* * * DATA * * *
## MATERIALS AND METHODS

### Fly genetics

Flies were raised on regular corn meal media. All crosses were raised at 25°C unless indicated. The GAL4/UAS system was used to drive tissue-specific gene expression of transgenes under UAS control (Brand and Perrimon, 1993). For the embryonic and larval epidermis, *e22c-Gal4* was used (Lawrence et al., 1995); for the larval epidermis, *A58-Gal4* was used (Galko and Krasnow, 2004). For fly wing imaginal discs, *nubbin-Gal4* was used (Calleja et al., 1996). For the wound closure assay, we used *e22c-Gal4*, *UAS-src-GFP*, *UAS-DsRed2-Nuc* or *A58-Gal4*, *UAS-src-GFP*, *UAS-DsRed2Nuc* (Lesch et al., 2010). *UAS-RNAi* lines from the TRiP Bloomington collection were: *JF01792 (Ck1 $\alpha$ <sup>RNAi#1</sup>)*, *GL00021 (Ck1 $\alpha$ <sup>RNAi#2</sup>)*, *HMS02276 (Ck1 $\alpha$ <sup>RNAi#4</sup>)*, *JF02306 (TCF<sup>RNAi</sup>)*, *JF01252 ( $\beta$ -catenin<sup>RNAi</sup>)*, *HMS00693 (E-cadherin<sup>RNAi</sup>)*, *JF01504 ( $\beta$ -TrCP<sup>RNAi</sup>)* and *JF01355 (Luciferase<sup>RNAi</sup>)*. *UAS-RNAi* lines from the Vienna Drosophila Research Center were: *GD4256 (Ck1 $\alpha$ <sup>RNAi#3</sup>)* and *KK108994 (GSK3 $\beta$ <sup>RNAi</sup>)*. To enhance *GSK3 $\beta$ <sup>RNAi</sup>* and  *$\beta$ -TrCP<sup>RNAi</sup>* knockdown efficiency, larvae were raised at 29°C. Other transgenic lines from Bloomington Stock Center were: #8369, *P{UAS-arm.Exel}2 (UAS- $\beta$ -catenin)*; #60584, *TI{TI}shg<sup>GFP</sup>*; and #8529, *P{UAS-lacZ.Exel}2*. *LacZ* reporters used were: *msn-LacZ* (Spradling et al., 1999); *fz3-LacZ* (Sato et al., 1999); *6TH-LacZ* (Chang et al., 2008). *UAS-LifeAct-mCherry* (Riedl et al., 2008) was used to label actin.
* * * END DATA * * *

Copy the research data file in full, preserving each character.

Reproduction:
## MATERIALS AND METHODS

### Fly genetics

Flies were raised on regular corn meal media. All crosses were raised at 25°C unless indicated. The GAL4/UAS system was used to drive tissue-specific gene expression of transgenes under UAS control (Brand and Perrimon, 1993). For the embryonic and larval epidermis, *e22c-Gal4* was used (Lawrence et al., 1995); for the larval epidermis, *A58-Gal4* was used (Galko and Krasnow, 2004). For fly wing imaginal discs, *nubbin-Gal4* was used (Calleja et al., 1996). For the wound closure assay, we used *e22c-Gal4*, *UAS-src-GFP*, *UAS-DsRed2-Nuc* or *A58-Gal4*, *UAS-src-GFP*, *UAS-DsRed2Nuc* (Lesch et al., 2010). *UAS-RNAi* lines from the TRiP Bloomington collection were: *JF01792 (Ck1 $\alpha$ <sup>RNAi#1</sup>)*, *GL00021 (Ck1 $\alpha$ <sup>RNAi#2</sup>)*, *HMS02276 (Ck1 $\alpha$ <sup>RNAi#4</sup>)*, *JF02306 (TCF<sup>RNAi</sup>)*, *JF01252 ( $\beta$ -catenin<sup>RNAi</sup>)*, *HMS00693 (E-cadherin<sup>RNAi</sup>)*, *JF01504 ( $\beta$ -TrCP<sup>RNAi</sup>)* and *JF01355 (Luciferase<sup>RNAi</sup>)*. *UAS-RNAi* lines from the Vienna Drosophila Research Center were: *GD4256 (Ck1 $\alpha$ <sup>RNAi#3</sup>)* and *KK108994 (GSK3 $\beta$ <sup>RNAi</sup>)*. To enhance *GSK3 $\beta$ <sup>RNAi</sup>* and  *$\beta$ -TrCP<sup>RNAi</sup>* knockdown efficiency, larvae were raised at 29°C. Other transgenic lines from Bloomington Stock Center were: #8369, *P{UAS-arm.Exel}2 (UAS- $\beta$ -catenin)*; #60584, *TI{TI}shg<sup>GFP</sup>*; and #8529, *P{UAS-lacZ.Exel}2*. *LacZ* reporters used were: *msn-LacZ* (Spradling et al., 1999); *fz3-LacZ* (Sato et al., 1999); *6TH-LacZ* (Chang et al., 2008). *UAS-LifeAct-mCherry* (Riedl et al., 2008) was used to label actin.